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Volume 21 No. 2


Don Muret
The Cincinnati Bengals are rewarding club seat holders who renew their deals by giving them gift cards loaded with concessions credits.

The NFL lockout made for a difficult offseason for all NFL fans, and the Bengals thought it would be a nice gesture on the team’s part to help pay for the cost of food and drink in the clubs for their season-ticket holders sitting in the most expensive seats at Paul Brown Stadium, said Jeff Berding, the team’s director of sales and public affairs.

International Micro Systems is producing the gift cards for the Bengals.
As a result, the team developed a series of Loyalty Club cards for their two preseason games and eight regular-season games in Cincinnati. Those cards, branded with the Bengals’ tiger design and the helmet logo of each opponent, contain stored value. Fans renewing their club seats from midfield to the 20-yard-lines receive gift cards with $30 value per seat for each game. Those renewing club seats near the goal lines and in the end zones get gift cards with $15 in value per seat each game. Club seats cost $135 to $200 a game, depending on location.

Season-ticket holders that owned four midfield club seats and renewed them for the 2011 season receive a total of $120 in credit per game for food and drink.

“The whole point is to provide a meaningful reward for loyalty,” Berding said.

Last week, as club seat renewals continued less than a month before the start of the regular season, Bengals officials could not say how much the Loyalty Club campaign has driven fans’ decisions to extend their deals.

They do believe the gift card offer has helped with renewals after the Bengals suffered through a poor season in 2010, one year after sweeping their division foes and making the AFC playoffs, Berding said.

The Bengals’ gift card offer ends after Aug. 25, the date of their first home preseason game. The offer is not good for new club seat buyers, Berding said.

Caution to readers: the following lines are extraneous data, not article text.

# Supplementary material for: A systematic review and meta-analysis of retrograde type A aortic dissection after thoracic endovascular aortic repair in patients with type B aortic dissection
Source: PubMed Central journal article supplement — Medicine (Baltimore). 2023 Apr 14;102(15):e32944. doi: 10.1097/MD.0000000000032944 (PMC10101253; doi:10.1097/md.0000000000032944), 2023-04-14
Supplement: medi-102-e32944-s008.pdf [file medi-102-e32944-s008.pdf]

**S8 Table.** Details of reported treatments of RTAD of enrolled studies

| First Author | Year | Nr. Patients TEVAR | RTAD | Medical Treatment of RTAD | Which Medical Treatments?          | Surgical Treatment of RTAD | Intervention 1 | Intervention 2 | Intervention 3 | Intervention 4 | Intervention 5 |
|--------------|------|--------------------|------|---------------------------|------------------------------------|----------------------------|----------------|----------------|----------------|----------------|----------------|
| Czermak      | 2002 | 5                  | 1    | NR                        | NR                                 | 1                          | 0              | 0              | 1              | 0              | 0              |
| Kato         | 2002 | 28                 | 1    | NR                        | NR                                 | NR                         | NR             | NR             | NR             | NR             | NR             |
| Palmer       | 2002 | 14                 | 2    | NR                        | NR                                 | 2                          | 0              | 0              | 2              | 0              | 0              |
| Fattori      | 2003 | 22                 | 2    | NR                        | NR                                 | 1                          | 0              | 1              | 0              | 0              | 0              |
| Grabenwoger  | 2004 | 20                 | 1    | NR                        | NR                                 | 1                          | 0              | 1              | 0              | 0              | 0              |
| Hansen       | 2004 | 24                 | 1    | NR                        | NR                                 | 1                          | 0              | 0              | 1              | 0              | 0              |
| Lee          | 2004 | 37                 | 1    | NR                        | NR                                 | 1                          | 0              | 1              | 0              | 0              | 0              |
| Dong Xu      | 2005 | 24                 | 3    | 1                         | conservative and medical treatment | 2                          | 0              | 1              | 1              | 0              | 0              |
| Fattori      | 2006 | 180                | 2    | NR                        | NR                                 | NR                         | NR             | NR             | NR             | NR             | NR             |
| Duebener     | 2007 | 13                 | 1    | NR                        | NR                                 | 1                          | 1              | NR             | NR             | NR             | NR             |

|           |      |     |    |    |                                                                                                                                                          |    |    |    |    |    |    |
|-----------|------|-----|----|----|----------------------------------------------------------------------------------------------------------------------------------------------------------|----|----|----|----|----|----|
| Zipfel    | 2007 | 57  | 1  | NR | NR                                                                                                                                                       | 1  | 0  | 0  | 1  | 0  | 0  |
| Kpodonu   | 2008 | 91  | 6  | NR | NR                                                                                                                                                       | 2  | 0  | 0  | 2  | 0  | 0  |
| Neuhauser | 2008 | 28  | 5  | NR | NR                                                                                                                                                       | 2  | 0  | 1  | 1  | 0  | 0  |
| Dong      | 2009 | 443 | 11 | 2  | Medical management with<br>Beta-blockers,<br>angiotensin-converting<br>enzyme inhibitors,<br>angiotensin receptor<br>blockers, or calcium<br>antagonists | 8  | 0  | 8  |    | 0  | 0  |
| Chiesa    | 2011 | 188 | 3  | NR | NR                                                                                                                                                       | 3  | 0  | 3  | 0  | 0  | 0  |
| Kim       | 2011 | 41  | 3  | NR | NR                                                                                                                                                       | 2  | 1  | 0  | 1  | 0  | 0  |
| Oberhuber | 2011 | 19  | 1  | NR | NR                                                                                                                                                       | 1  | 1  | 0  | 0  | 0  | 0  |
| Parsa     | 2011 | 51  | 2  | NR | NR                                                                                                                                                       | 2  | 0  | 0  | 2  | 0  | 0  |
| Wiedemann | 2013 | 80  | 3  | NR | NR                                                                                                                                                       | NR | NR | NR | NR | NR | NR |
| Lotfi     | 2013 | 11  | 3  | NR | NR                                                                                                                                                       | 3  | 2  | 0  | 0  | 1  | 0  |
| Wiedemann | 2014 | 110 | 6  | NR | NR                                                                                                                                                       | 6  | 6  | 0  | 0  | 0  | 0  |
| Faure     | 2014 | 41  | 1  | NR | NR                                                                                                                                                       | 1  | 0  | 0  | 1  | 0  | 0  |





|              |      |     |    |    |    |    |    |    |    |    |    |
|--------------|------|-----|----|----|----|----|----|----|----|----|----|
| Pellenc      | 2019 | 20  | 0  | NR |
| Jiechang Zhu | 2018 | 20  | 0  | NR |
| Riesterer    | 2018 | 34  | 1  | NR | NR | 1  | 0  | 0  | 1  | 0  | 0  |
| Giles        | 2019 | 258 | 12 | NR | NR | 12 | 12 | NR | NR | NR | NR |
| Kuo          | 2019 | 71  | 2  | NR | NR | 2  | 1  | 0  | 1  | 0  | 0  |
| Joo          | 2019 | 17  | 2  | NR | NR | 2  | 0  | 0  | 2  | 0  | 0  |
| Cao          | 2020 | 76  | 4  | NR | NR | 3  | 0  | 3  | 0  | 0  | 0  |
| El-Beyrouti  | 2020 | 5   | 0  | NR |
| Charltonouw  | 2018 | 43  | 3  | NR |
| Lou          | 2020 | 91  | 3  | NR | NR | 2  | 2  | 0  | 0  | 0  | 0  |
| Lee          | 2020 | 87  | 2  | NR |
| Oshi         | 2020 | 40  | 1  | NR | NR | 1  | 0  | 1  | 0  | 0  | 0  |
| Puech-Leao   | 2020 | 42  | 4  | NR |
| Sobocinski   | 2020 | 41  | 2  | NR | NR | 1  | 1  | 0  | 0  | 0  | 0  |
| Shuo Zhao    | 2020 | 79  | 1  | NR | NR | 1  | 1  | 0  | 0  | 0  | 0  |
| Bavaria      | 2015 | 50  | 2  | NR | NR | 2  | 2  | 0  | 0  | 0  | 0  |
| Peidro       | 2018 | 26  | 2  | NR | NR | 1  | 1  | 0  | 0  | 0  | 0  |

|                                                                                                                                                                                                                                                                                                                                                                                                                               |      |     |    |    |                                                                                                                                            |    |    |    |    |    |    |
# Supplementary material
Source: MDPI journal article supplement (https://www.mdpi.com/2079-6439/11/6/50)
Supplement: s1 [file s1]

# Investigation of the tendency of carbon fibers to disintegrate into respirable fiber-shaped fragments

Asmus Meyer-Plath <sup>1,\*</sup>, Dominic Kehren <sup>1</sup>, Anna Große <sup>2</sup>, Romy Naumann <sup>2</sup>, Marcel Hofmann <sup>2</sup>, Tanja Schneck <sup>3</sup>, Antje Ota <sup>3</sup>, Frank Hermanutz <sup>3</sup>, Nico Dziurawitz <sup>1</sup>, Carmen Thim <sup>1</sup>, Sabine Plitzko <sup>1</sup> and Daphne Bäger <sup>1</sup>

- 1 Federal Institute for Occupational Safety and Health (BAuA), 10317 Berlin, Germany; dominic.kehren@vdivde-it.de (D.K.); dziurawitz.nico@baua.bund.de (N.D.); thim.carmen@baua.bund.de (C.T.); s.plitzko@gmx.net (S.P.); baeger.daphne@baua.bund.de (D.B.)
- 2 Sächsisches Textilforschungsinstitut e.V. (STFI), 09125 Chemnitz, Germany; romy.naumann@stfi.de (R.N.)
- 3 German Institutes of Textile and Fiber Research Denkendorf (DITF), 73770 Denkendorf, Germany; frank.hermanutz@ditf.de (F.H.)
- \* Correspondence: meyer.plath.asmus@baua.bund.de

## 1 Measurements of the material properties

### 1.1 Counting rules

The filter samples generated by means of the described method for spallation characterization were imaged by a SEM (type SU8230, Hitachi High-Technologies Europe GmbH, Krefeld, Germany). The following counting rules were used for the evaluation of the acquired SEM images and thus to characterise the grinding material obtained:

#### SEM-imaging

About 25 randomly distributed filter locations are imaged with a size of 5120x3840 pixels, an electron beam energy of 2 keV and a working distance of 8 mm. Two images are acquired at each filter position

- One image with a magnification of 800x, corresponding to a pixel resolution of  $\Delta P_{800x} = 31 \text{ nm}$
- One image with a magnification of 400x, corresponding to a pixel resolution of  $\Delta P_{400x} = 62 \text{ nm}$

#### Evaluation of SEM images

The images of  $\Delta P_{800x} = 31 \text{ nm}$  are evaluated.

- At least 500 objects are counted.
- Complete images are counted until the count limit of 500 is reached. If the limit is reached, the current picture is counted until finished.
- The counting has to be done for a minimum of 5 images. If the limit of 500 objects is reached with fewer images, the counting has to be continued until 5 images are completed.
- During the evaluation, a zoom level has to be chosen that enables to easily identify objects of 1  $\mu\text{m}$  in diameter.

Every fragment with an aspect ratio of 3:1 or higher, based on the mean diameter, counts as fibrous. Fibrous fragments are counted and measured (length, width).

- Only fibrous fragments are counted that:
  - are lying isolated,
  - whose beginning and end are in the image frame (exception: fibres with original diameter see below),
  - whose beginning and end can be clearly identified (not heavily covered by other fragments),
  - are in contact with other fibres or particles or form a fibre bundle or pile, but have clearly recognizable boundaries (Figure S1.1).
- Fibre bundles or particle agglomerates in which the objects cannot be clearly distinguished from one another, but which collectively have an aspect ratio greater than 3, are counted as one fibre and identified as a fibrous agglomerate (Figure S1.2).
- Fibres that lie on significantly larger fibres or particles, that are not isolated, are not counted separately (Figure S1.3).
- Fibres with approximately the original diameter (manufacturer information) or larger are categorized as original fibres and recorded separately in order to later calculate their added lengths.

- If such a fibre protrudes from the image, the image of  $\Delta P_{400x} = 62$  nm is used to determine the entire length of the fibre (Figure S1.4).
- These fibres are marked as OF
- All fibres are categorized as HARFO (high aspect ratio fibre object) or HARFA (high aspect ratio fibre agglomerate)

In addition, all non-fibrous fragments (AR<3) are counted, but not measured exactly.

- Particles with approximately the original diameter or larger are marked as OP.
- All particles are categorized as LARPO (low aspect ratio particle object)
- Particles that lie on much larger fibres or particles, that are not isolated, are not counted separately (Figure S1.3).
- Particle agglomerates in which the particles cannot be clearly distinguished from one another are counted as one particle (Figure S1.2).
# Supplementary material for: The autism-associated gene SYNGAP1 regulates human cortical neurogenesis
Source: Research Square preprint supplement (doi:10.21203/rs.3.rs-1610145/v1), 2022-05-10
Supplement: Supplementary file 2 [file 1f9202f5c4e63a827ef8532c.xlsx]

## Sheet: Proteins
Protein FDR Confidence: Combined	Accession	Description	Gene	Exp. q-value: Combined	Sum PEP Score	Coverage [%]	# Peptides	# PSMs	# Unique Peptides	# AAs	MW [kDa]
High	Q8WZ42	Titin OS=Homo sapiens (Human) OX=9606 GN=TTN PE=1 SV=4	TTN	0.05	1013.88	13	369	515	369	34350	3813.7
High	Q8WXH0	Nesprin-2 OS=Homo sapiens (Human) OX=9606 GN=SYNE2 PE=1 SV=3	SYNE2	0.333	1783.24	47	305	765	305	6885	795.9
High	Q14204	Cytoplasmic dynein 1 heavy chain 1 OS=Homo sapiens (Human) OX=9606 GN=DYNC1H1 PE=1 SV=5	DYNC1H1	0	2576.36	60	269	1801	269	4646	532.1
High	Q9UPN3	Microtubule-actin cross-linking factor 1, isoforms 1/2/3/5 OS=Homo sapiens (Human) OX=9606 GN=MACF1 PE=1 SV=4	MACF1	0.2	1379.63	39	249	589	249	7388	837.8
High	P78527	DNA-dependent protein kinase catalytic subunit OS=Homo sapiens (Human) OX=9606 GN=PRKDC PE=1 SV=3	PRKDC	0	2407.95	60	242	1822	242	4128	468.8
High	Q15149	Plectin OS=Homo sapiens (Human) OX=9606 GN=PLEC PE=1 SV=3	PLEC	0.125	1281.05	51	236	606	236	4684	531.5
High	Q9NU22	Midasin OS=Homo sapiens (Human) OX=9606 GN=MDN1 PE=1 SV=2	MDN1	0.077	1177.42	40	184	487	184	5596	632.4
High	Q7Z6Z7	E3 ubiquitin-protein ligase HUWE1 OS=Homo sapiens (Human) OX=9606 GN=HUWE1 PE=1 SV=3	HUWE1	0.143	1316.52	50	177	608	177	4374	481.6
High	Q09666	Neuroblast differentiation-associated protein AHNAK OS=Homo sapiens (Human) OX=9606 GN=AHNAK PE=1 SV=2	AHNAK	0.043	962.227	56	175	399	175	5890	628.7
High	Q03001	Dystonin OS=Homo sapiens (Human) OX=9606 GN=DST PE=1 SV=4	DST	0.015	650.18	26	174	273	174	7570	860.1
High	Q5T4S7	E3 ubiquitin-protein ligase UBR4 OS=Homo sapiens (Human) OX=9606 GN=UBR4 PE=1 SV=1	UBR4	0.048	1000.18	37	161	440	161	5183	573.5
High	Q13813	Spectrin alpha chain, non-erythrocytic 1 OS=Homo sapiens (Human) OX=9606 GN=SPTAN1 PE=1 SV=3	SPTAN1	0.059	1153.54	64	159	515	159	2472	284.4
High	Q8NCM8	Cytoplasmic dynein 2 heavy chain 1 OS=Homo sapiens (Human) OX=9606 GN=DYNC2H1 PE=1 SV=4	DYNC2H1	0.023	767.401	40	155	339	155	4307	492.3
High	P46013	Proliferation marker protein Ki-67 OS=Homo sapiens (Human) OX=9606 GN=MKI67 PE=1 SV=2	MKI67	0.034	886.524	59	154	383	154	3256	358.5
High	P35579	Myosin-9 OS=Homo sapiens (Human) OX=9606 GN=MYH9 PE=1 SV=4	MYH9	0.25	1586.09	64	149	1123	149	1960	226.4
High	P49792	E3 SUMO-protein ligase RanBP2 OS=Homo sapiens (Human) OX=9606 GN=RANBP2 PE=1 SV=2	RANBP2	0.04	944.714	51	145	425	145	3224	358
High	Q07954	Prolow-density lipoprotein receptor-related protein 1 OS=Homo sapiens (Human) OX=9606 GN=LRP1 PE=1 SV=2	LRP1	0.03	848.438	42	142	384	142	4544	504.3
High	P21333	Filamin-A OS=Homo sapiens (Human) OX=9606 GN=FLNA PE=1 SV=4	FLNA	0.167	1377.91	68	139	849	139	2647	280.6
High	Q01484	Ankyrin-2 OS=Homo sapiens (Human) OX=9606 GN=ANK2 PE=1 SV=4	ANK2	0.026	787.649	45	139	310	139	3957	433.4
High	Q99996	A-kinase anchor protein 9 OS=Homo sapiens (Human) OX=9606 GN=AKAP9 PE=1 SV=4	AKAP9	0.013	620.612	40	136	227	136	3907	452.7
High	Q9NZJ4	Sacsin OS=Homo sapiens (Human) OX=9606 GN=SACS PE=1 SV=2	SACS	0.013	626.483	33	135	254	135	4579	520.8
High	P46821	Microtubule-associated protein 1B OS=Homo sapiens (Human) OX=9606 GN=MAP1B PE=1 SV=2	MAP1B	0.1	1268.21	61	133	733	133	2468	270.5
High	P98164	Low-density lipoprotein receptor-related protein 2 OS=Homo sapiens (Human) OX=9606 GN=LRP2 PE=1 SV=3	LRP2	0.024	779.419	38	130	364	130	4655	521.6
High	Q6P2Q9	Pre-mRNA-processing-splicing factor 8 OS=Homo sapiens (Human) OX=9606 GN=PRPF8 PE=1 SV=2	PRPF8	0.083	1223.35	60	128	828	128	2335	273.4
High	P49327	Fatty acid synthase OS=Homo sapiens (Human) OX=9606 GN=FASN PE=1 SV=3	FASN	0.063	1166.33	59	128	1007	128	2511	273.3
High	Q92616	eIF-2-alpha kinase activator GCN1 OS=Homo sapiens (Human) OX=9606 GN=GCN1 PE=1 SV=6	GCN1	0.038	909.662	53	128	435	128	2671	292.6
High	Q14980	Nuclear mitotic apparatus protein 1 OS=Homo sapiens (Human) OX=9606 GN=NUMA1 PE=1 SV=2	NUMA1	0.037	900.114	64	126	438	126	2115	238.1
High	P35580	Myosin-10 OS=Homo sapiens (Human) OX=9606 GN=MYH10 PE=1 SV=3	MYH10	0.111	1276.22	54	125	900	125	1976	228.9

For International Micro Systems, the Pennsylvania firm producing the gift cards, the Bengals are the third NFL team to activate its stored-value technology. The Houston Texans tested it last year by distributing bar-coded coupons for fans to buy discounted concessions at Reliant Stadium. For this season, the Texans are providing vouchers with food credits in $10 increments tied to club seat renewals and referrals. As of last week, 550 club seats had been extended as a result of the program, said John Schriever, the team’s vice president of ticketing and event management.

In Houston, the technology has helped with quicker customer service at concession stands and with a small uptick in per caps, Schriever said. Aramark is the food provider for both the Bengals and Texans.

HOME COOKING: Andy Frain Services, a crowd management firm, recently signed deals with the Liberty Bowl and AutoZone Park in Memphis, the city’s football stadium and minor league baseball facility.

No surprise. Steve Zito, president of Andy Frain’s sports and entertainment division, managed FedEx Forum in Memphis for 5 1/2 years, at a time when the NBA arena became a client. Zito joined Andy Frain in June 2010 and still lives in the area.

Earlier this year, Andy Frain bought Ready Track, an incident management system used by MLB and NFL facilities. All told, the company has seen growth of $3.4 million in new business in the year since Zito came on board.

INFIELD HIT: Santa Anita Park has signed a deal with Crowd Seats, a half-off sports ticket site, to help fill up the infield for the horse track’s fall season, Sept. 30 through Nov. 6.

Twenty dollars will buy two tickets for a five-hour tailgate experience in a reserved space in the middle of the track equipped with tables, chairs, umbrellas and grills. Spectators can bring their own food to cook and drinks, excluding alcohol. The price is normally $20 a person.